U.S. federal agents arrested two more Capitol Hill rioters whose images had gone viral, of one carrying off the House Speaker’s lectern and another who wore horns and a fur pelt, while a top Democratic lawmaker called on mobile carriers to preserve social media content related to the carnage.
Dozens of people have been charged following the storming of the Capitol on Wednesday, with the FBI asking the public for help identifying participants, given the proliferation of images of the riot on the internet. Five people have died, including a Capitol Hill police officer.
Jacob Anthony Chansley, who featured prominently on social media wearing horns, a fur pelt, face paint and brandishing a spear adorned with the U.S. flag, turned himself in to police, the U.S. Department of Justice said.
Chansley, also known as Jake Angeli, called the Washington office of the FBI on Thursday and voluntarily spoke to law enforcement, the DOJ said.
“Chansley said that he came as part of a group effort with other ‘patriots’ from Arizona, at the request of the President that all ‘patriots’ come to D.C. on January 6, 2021,” the DOJ said in a release.
Federal agents also arrested Adam Christian Johnson, whose photo as he smiled and waved as he carried off House Speaker Nancy Pelosi’s lectern had also gone viral. Johnson, of Parrish, Florida, also streamed live video on Facebook of himself as he walked the halls of the Capitol, according to the Tampa Bay Times.
The video has been removed from online platforms, and all of his pages have been taken down.
On Saturday, Democratic Sen. Mark Warner, who is the incoming chair of the Senate intelligence committee, urged mobile carriers to keep content and associated meta-data connected to the riot, which erupted as lawmakers gathered to certify the election of Democratic president-elect Joe Biden.
Warner, in letters to the companies, emphasized how the rioters took the time to document the event and posted them via social media and text messages “to celebrate their disdain for our democratic process.”
He sent letters to AT&T, T-Mobile, Verizon, Apple, Facebook, Gab, Google, Parler, Signal, Telegram and Twitter.
After Wednesday’s insurrectionist attack on our nation’s Capitol, I’m calling on telecom and social media companies to preserve digital evidence of the Capitol riot. <a href=”https://t.co/aL8l4dzXmD”>pic.twitter.com/aL8l4dzXmD</a>
Before his arrest, NBC network reported, Chansley gloated about how the crowd infiltrated the Capitol, forcing lawmakers to flee.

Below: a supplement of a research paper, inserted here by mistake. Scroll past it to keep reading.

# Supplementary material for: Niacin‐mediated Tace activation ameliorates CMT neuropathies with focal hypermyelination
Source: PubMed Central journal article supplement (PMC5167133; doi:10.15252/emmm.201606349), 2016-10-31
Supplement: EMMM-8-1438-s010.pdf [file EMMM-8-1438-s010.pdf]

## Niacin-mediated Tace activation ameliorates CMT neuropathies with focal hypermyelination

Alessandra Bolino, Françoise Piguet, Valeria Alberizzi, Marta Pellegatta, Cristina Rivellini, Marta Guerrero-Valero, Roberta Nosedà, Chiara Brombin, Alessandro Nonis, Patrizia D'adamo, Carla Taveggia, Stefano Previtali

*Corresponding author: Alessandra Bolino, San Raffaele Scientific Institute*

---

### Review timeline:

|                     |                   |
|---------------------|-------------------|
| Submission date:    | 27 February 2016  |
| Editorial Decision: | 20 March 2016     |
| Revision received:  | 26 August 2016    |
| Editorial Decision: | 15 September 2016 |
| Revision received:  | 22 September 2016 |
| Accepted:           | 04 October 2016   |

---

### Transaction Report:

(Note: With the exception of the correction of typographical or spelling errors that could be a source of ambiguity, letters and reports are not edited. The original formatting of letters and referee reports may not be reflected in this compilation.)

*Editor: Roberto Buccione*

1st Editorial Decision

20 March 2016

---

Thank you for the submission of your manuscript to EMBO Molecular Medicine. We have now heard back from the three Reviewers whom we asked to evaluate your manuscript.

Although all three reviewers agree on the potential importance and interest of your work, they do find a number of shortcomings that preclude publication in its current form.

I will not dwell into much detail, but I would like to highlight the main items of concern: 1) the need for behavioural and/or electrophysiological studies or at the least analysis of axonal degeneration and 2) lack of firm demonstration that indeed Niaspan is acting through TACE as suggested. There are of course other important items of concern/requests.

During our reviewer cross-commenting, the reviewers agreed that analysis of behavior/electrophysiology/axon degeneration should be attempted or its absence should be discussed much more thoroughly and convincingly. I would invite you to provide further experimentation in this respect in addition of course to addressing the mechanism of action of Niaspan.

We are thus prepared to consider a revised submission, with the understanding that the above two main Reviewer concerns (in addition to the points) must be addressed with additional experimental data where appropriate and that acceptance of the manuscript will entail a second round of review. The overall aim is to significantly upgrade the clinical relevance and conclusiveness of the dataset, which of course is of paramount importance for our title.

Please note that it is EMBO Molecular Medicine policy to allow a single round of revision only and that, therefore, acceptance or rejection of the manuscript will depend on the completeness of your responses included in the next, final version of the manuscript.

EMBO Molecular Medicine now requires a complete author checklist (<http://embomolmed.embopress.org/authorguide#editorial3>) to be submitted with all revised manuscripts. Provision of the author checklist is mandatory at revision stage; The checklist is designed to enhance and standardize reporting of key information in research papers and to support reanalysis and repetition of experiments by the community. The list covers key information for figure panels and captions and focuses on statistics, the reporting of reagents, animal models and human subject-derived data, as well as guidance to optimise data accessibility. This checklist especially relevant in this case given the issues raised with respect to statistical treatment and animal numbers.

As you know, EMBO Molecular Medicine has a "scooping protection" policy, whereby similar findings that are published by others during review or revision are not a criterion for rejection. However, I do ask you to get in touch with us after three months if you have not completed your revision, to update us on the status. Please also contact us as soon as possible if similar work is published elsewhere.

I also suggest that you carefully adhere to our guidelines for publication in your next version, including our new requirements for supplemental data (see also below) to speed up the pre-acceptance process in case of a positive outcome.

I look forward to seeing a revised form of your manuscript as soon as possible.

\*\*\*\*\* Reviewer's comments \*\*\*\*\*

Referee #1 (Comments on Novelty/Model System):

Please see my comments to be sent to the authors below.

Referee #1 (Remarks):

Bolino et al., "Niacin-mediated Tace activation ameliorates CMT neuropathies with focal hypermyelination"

“The fact that we had a bunch of traitors in office, hunkered down, put on gas masks and retreat to their underground bunker, I consider that a win,” he said to NBC News.
Chansley faces several federal charges including violent entry and disorderly conduct on Capitol grounds.
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Photos capture riots in U.S. Capitol
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Andrew Harnik, a photojournalist with The Associated Press, recounts the moments when he sheltered in place with members of the U.S. Congress and shares some of the powerful images he took.6:36
Media reports said he had often been seen at rallies supporting President Donald Trump. Efforts by Reuters on Saturday to reach his relatives were unsuccessful, as were attempts to contact Johnson’s family.
The Miami Herald reported that on Johnson’s social media pages, which have been taken down, he boasted of being in Washington ahead of the riots.
It was unclear where Chansley was being held Saturday, or whether he or Johnson had legal representation.
Johnson, who has a first appearance in federal court on Monday, is being charged out of Washington.
The FBI has put up ads in Washington, D.C. bus shelters as they search for the rioters who invaded the Capitol. They’re still looking for the masked individual suspected of placing pipe bombs outside the Democratic and Republican national committees. <a href=”https://t.co/urhN5OsAVY”>pic.twitter.com/urhN5OsAVY</a>
There were at least 13 people facing criminal charges in U.S. District Court in connection to the rioting, and at least another 40 people were facing lesser charges in the District of Columbia Superior Court, a local venue.
Many of those individuals were arraigned on Thursday and released, with an order from the judge not to return to Washington unless it is for court appearances or meetings with their lawyers.
They included Richard Barnett, from Gravette, Ark., who was photographed sitting at Pelosi’s desk and is also known as Bigo.
Among those arrested on Friday for participating in the riot was newly elected West Virginia House of Delegates member Derrick Evans, who announced his resignation on Saturday.
In a one-sentence letter to West Virginia Gov. Jim Justice, Evans wrote: “I hereby resign as a member of the West Virginia House of Delegates, effective immediately.”
Media reports quoted Evans as saying he wanted to apologize for his actions and that he did not want to create a distraction.
Evans livestreamed himself entering the Capitol on Wednesday and was recorded saying, “We’re in, we’re in! Derrick Evans is in the Capitol,” the Justice Department said in a release.
The FBI and Washington’s police department are jointly investigating the death of Capitol Police Officer Brian Sicknick, who was injured while defending the U.S. Capitol on Wednesday. Flags at the Capitol were lowered to half-mast on Friday in honour of Sicknick.
Capitol Police have said the Washington police homicide unit was probing the death.
“Just because you’ve left the D.C. region, you can still expect a knock on the door if we find out you were part of the criminal activity at the Capitol,” Steven D’Antuono, the FBI Washington Field Office’s assistant director in charge, said on Friday.
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